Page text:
most obviously it allows us a wide angle of view.  People will often site this as an advantage when shooting expansive landscapes, but the wide angle should not be used just to cram more stuff in the image.  I seldom use the lens in this situation.  When faced with a broad landscape, I will most often capture a multi-image panorama of the scene. Our sophisticated editing software makes panoramas easy to process and with multiple shots the final image has higher resolution than a single wide angle frame.  As seen in the pictures of Spofford Lake, the multi-image panoramas also avoid  the distortion that extreme wide angle glass can create.  Note the elongation of the pontoon boat on the right.

Multi-Image Panorama


Foreground Power
 When I am shooting with a wide angle I am more likely to turn the camera on its side and capture strong foregrounds.  A key advantage of a wide angle lens is that it has a substantially wider depth of field.  It is an inescapable rule of optics that, when compared to longer glass, wider lenses have a smaller apertures for any f-stop, and therefore have a greater depth of field.  This makes them great for capturing sharp detail in foreground elements of an image.  Compared to my 100mm macro I can get greater depth in the flowers while the background falls off in the distance.  A key part of getting the most from a wide angle lens to find something of interest to place very close.

Converging Lines
As I took my turn around the Spofford Loop, I spent most of my time moving extremely close to the flowers and foliage.  I love the way this draws attention to the detail of the flora.  Of course,  an inevitable effect of the wide angle is the creation of converging lines.  Sometimes this can add an interesting perspective to the image, but it can also be an unnatural distraction.  Perspective controlling tools in editing programs such as Lightroom and 

Over-Correction of Perspective

Photoshop can help reduce this affect, but software has its limits.  The tools work by pulling the converging lines apart and when taken to extremes this can cause a distortion in the detail of the image.  Trees can appear to expand as they reach upward.


Whiskey Barrel Flowers
On my wide angle tour through Spofford I shot flowers, ground cover, ferns, and Ivy working its way up a tree.  I especially enjoyed capturing the flowers in my whiskey barrel. Susan will confirm that I have an excessive amount of pride about finally hiding or ugly well head inside the barrel.  It makes a great planter, fully covers the pipe and the alcoholic fumes can nearly knock you over.  That’s just one benefit from getting really close with a wide angle lens.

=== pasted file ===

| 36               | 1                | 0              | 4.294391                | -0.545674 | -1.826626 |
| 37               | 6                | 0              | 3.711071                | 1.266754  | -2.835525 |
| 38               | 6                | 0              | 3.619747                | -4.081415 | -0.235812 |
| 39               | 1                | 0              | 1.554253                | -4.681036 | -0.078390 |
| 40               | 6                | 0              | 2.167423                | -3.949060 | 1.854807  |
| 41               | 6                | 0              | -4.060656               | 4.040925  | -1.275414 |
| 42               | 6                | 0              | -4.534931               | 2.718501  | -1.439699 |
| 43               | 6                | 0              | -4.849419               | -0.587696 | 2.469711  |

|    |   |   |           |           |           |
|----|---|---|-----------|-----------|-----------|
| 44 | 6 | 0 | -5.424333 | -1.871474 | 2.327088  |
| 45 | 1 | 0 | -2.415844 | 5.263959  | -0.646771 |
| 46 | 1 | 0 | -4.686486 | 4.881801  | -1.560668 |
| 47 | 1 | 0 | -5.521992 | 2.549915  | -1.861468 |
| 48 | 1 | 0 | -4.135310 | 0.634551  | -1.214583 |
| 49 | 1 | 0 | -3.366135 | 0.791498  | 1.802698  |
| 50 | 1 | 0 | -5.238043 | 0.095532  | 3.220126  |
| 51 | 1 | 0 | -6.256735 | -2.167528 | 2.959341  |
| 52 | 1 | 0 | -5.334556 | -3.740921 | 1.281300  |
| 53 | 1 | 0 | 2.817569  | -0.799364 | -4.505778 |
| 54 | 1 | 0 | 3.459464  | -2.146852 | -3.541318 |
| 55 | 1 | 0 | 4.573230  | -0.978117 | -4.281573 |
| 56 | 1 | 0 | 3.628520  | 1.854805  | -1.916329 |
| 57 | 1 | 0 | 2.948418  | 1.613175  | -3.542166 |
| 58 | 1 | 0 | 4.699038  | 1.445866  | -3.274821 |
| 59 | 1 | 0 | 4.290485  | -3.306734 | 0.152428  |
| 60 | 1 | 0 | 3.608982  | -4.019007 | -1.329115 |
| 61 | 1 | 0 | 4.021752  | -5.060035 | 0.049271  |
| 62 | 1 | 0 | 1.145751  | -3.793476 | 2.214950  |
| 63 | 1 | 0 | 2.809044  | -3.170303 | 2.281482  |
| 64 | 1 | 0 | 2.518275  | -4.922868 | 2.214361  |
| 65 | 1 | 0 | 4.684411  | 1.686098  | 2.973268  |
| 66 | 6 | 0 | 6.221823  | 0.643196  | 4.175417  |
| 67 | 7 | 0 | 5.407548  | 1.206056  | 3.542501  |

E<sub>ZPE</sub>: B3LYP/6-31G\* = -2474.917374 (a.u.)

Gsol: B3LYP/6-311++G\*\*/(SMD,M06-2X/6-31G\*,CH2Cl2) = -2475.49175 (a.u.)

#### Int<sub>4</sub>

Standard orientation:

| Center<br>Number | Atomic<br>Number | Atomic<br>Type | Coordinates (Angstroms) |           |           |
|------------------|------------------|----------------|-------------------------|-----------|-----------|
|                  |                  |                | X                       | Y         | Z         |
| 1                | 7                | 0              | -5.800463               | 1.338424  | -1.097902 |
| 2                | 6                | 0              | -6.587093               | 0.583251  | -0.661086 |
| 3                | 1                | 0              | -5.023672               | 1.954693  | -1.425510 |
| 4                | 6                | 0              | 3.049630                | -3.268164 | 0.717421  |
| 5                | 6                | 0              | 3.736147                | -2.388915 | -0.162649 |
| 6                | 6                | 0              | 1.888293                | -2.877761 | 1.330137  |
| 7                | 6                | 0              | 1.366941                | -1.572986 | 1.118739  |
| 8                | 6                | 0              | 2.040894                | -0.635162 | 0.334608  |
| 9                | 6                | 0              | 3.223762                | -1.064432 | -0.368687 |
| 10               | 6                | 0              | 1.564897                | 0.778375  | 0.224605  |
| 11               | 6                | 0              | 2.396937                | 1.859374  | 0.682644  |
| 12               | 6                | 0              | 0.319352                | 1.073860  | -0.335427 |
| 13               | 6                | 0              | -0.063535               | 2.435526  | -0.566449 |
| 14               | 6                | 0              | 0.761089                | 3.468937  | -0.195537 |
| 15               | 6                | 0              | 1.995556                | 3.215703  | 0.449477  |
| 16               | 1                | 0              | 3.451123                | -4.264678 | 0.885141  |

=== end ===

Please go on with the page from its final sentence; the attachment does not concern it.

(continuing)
I had a lovely walk and I think I will keep my wide glass. It is just one part of using the camera to extend our vision.  

Jeff Newcomer

Sunday, September 4, 2016

Art in the Park and the Autumn Photography Rush


It’s the end of another Art in the Park weekend and, as usual, after two full days of sitting and doing nothing, I am exhausted.

Art in the Park is Keene New Hampshire’s annual celebration of the arts in the Monadnock region and beyond. Every Labor Day weekend nearly 90 tents fill Ashuelot River Park with a broad range of artistic expression, painting, crafts, sculpture and off course photograph.

I have my 10 x 10 pop-up and a simply contrived, inelegant hanging system, but this is the only time each year that I do an art fair.  I typically sell enough to make it worthwhile, but the real reason to come back is for the opportunity to visit with friends and try to shame them into buying one more picture for their walls.  I enjoy sharing the stores behind my images and discussing my process, but it is a long couple of days.

It usually takes about two hours to set up the tent and attach my hanging system.  It is possible to spend hundreds of dollars on custom built hanging walls but I have settled on a more basic approach.  I suspend ordinary metal shelving from wood slates attached to the tent supports and arrange the pictures with simple S hooks.  I place my mated images in a couple of display stands, set up my table and chairs. I then settle down for hours of the pleasant occupation of talking about my work.

It's All About the Weather
Take Down
The weather is always a concern.  Early September is generally a great time to be outside, but we live in fear of thunderstorm related wind and torrential downpours.   This year hurricane Hermine drifted out to sea and we lucked out with beautiful early autumn weather.   The crowds tend to follow the weather and business was steady. 


It was a successful weekend, but I have to admit that it is a good feeling to pack up for another year.  My bins are cluttering the house awaiting the next to show; Kristen’s CafĂ© in October.  

Hectic Autumn
Autumn is my busiest time both for teaching and fall foliage shooting.  Next Tuesday, I’m traveling down to Framingham Massachusetts for a talk to the Gateway Camera Club on the working with the variety of light that we enjoy in New England.  In a couple of weeks, I’ll be starting another session of my Basic Digital Photography Course for Keene Community Education and, on the weekend of October 13-15th, I will be offering a workshop focused on fall foliage photography.  It is an exciting and hectic time, but I wouldn’t have it any other way.  Now I have to collapse in bed after all that doing nothing.

Jeff Newcomer